All technical issues aside, the first (obvious) question that comes to mind is: Who gets to design, build, program, install, verify and maintain this system? If all countries got along well enough to settle that question, the whole issue would become moot (perhaps that's the real idea). But another very real question is: Would it really be an improvement over the existing situation? Maybe I'm missing something, but wouldn't it just make Mutually Assured Destruction even more "mutually assured". Unless, of course, the idea is to give the victim enough time to completely destroy the attacker at the outset. In that case, it would be as "realistic" (and a lot cheaper) to get countries to agree to just blow themselves up if they ever get angry. What I really don't understand is, if (a huge "if") it WERE possible to establish central, tamper-proof control over ALL countries' abilities to launch ALL nuclear weapons (as the article suggests), why not go the one (IMHO small) step further and make it impossible to launch them at all? ...maybe through the use of a "beneficial virus" (just kidding). Personally, I think it would be very sad if the world could achieve the sort of trust and cooperation necessary to implement this system, and not not manage to do away with the things entirely. Eric Prebys, CERN, Geneva, Switzerland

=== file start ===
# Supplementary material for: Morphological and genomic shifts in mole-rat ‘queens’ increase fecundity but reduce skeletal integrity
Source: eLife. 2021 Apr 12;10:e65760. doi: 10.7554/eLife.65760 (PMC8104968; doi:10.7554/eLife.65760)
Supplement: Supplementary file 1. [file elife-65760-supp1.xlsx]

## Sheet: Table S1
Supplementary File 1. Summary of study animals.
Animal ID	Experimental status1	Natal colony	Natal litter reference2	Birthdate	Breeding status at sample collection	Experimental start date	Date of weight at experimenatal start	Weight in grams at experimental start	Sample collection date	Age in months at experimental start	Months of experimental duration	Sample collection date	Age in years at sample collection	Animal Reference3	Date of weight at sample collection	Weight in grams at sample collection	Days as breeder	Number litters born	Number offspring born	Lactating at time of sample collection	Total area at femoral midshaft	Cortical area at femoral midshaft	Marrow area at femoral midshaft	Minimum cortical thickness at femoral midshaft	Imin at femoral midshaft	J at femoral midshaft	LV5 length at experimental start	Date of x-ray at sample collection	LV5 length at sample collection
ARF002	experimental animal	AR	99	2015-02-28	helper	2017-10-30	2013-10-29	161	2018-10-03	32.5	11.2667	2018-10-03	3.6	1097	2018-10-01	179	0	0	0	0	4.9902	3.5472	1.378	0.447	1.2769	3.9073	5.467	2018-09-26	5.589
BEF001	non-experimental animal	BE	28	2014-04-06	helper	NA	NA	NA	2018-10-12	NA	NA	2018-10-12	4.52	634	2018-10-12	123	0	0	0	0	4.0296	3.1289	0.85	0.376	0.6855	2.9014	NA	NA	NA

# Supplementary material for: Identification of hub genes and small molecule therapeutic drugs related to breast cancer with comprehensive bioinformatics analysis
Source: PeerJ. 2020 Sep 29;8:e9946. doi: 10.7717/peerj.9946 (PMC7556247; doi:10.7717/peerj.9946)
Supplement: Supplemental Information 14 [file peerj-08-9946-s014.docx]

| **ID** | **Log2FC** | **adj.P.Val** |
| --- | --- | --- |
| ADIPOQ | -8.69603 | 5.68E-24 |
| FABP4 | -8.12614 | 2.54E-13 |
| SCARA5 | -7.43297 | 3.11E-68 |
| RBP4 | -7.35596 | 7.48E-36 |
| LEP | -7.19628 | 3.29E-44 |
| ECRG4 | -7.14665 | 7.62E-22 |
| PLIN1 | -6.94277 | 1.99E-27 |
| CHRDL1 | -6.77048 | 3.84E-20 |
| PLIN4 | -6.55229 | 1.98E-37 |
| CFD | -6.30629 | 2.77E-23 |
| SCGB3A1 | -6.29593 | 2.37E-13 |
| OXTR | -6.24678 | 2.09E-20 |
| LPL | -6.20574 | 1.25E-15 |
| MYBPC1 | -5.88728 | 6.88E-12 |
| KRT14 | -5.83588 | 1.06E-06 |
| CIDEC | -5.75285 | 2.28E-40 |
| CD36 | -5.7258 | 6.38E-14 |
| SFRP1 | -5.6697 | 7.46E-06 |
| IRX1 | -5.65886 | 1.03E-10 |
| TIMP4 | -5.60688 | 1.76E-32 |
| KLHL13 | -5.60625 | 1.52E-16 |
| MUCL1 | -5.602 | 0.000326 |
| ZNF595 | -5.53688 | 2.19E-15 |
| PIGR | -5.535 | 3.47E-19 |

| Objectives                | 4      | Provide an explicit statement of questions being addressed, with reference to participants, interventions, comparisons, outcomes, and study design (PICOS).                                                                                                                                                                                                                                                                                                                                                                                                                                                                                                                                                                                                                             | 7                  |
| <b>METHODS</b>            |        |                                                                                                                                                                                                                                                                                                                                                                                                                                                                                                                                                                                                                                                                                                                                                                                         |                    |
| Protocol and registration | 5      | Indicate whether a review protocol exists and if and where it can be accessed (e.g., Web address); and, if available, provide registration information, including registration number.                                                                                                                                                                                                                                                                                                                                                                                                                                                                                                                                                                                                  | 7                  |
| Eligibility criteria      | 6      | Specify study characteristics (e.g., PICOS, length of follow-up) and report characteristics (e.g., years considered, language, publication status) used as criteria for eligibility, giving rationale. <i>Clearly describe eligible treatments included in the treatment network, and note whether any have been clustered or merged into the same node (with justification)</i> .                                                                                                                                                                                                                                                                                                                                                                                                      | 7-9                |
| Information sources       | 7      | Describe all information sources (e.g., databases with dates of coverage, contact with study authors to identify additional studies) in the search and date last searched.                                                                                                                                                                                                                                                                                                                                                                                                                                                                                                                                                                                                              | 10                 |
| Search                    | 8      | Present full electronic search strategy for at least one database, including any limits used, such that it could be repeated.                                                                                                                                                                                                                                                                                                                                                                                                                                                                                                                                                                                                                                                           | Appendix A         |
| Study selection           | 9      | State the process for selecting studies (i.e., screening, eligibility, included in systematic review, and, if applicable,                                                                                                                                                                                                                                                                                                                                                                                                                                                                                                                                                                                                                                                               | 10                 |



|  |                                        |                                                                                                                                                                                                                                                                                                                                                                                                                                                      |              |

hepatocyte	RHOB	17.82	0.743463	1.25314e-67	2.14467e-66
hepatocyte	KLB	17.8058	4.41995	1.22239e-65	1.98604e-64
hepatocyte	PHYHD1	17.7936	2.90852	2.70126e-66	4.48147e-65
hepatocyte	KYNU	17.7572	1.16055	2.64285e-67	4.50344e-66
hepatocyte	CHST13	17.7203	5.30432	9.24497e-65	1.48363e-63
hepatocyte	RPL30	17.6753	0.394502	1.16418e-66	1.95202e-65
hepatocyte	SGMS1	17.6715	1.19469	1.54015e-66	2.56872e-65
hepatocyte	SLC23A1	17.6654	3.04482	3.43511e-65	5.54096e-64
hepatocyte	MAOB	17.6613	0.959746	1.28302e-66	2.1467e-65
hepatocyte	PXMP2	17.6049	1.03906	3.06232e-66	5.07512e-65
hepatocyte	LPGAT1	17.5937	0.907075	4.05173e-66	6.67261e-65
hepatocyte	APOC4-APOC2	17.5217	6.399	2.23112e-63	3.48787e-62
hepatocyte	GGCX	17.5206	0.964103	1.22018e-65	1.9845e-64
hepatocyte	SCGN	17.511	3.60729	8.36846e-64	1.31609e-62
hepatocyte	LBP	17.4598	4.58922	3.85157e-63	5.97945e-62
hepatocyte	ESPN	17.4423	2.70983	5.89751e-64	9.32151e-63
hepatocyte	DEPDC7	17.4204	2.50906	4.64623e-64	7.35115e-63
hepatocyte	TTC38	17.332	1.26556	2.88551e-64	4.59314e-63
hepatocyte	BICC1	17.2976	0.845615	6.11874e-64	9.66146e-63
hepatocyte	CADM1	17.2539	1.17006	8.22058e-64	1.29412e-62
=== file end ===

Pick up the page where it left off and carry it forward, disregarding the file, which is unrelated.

I can't vouch for the details of the arguments, but this is a good example of trying to decide a scope of solution. Is it more important to maintain a given system in its own cocoon or take the risk of change in order to get the benefits of what, over a decade, has emerged as a standard. We can argue the technical benefits (and I would think that 10 years of change has produced some improvements, though nowhere near as much as it might have) but there are larger issues such as switching into a more cost effective/price competitive market. There is also the benefit of standardization in terms of being able to take advantage of common knowledge and tools. Risks are necessary part of evolution. It is important to be aware when one is taking a risk and the consequences and not be naive. But not taking a risk can be a bigger risk. Again, I claim no knowledge or insight about this particular instance and I'll admit to a bias in favor of rampaging PC's.